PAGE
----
IBM today announced that two industry leaders -- Asahi Kasei and Central Glass -- will join its Battery 500 Project team and collaborate on far-reaching research with the potential to accelerate the switch from gasoline to electricity as the primary power source for vehicles.
In 2009, IBM Research pioneered a sustainable mobility project to develop lithium-air battery technology capable of powering a family-sized electric car for approximately 500 miles (800 km) on a single charge.
As partners in the Battery 500 Project, Asahi Kasei and Central Glass bring decades of materials innovation for the automotive industry to the team. They will expand the project's scope and, although the scientific and engineering challenges to its practical implementation are extremely high, exploring several chemistries simultaneously increases the chance of success.
Asahi Kasei, one of Japan's leading chemical manufactures and a leading global supplier of separator membrane for lithium-ion batteries, will use its experience in innovative membrane technology to create a critical component for lithium-air batteries.
Central Glass, a leading global electrolyte manufacturer for lithium-ion batteries, will use its chemical expertise in this field to create a new class of electrolytes and high-performance additives specifically designed to improve lithium-air batteries.
"These new partners share our vision of electric cars being critical components of building a cleaner, better world, which is far less dependent on oil," said Dr. Winfried Wilcke, IBM's Principle Investigator who initiated the Battery 500 Project. "Their compatible experience, knowledge and commitment to bold innovation in electric vehicle battery technology can help us transfer this research from the lab onto the road."
Most electric vehicles can only travel about 100 miles before needing to recharge using today's lithium-ion batteries. This is a significant barrier to electric car adoption unless a new battery technology can be developed that is affordable, lightweight, compact and has the capacity to power a typical family car several hundred miles or more on a single charge.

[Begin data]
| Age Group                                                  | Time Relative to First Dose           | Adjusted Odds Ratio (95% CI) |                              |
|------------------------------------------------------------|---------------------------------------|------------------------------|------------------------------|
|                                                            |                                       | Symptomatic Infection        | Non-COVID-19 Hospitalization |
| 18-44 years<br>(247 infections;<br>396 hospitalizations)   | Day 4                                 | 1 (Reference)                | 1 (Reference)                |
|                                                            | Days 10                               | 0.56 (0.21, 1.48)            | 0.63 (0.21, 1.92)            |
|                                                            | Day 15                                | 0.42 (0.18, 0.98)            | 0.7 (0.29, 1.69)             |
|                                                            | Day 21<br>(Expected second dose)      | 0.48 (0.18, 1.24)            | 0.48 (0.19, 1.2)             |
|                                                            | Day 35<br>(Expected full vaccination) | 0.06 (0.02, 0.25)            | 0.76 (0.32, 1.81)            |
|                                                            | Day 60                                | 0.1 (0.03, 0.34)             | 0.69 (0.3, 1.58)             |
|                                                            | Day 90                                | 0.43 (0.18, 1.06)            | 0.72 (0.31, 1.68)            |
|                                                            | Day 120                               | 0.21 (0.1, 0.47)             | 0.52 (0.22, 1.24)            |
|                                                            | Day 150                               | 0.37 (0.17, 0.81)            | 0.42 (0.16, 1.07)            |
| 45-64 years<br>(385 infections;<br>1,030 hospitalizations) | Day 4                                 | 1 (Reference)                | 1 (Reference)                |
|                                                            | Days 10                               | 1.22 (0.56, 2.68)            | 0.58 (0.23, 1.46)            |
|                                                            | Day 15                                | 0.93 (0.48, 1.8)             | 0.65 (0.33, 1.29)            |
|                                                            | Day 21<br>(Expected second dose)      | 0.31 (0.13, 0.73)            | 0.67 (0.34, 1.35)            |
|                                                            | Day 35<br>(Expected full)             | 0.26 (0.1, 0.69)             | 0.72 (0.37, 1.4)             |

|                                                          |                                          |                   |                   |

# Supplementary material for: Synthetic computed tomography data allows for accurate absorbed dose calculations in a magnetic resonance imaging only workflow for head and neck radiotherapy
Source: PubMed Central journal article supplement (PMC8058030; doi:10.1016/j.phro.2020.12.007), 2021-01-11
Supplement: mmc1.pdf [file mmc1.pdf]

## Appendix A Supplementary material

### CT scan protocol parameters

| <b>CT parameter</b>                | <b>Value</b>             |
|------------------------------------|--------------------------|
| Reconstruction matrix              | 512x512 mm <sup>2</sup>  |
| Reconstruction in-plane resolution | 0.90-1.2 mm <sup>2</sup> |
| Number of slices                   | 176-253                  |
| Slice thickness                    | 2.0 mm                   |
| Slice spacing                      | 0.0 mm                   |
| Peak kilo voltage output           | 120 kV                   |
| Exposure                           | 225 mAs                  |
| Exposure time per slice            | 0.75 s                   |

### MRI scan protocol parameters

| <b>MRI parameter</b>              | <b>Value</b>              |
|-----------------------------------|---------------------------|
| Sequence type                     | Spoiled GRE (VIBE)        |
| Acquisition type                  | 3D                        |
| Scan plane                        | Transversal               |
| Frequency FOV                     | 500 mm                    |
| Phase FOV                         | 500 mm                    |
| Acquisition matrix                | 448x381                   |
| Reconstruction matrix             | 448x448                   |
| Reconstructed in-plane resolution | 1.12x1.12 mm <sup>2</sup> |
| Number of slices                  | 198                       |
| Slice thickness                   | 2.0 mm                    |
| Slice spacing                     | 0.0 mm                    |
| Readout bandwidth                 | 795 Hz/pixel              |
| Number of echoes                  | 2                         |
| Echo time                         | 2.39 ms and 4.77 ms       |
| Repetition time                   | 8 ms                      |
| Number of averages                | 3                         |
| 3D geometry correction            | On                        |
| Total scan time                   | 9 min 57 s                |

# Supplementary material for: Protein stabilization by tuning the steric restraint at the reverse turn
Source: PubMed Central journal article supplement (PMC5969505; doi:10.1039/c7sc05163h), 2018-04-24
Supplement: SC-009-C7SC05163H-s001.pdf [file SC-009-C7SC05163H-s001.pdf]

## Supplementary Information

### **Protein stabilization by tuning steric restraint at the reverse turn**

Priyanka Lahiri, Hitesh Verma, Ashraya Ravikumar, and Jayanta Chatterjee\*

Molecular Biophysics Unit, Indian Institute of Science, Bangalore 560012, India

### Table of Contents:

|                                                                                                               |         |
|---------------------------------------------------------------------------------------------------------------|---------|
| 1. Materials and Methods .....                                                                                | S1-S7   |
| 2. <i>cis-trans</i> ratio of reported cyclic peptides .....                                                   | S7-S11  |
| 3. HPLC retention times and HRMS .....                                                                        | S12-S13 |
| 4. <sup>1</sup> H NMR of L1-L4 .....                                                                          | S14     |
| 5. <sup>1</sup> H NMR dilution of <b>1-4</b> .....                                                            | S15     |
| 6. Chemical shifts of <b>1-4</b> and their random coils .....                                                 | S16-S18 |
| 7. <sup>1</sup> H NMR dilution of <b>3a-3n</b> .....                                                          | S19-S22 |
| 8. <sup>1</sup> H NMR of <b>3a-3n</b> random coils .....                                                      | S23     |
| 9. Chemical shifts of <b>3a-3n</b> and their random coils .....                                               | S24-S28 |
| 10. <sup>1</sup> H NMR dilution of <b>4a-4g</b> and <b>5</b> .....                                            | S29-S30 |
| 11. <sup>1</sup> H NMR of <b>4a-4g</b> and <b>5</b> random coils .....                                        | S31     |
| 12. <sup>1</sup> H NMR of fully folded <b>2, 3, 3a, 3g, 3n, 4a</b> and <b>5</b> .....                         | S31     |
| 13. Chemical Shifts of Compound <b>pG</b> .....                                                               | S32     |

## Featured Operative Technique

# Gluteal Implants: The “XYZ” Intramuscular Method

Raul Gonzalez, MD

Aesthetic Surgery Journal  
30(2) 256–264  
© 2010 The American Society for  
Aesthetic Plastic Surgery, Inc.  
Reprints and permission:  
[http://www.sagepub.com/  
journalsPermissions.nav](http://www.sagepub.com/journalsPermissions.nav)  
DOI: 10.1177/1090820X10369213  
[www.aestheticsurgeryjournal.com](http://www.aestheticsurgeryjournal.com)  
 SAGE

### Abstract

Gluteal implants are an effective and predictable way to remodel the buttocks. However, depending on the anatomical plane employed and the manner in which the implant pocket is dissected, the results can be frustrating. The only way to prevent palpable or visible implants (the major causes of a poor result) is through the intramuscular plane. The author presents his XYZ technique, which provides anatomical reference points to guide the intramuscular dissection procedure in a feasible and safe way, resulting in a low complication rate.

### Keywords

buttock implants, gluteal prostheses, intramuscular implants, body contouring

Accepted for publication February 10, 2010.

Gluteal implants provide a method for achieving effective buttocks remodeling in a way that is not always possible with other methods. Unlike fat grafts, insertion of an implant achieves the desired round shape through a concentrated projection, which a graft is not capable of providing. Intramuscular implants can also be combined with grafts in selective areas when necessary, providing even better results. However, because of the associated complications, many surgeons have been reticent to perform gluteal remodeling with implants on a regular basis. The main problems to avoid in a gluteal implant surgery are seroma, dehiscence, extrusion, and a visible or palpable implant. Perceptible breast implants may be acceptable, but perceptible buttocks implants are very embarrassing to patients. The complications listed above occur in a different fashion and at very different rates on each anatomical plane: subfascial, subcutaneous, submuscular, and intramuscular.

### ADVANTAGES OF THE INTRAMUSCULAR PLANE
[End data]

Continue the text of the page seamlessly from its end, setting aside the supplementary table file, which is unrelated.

For a car running on today's lithium-ion batteries to match the range provided by a tank of gasoline, car manufacturers would need a very large battery which would weigh down the car and take up too much space. Lithium-air batteries have higher energy density than lithium-ion batteries, due to their lighter cathodes and the fact that their primary "fuel" is the oxygen readily available in the atmosphere. To popularize electric cars, an energy density ten times greater than that of conventional lithium-ion batteries is needed, and these new partners to the project can help drive lithium-air technology towards that goal.
"New materials development is vitally important to ensuring the viability of lithium-air battery technology," said Tatsuya Mori, Director, Executive Managing Officer, Central Glass. "As a long-standing partner of IBM and leader in developing high-performance electrolytes for batteries, we're excited to share each other's chemical and scientific expertise in a field as exciting as electric vehicles."
"We are very focused on addressing environmental challenges and limitations with diverse technology to build a brighter future. This alliance allows us to explore a new path to developing an improved rechargeable battery performance that can not be met with conventional technologies," said Tetsuro Ohta, Head of Advanced Battery Materials Development Center, Asahi Kasei.
This research will take place at IBM Research - Almaden in California.
About The Battery 500 Project
The switch from gasoline to electricity as the primary power source for vehicles stands to be one of the most important technology shifts of the first half of the 21st century. Recognizing this need, scientists at IBM Research-Almaden started the Battery 500 Project in 2009 to develop a Lithium-Air battery that could travel 500 miles on a single charge. Leveraging IBM's leadership across science and technology in chemistry, physics, nanotechnology and supercomputing modeling in both its Almaden and Zurich laboratories, this research is also done in conjunction with the other Battery 500 Project collaborators, including national laboratories.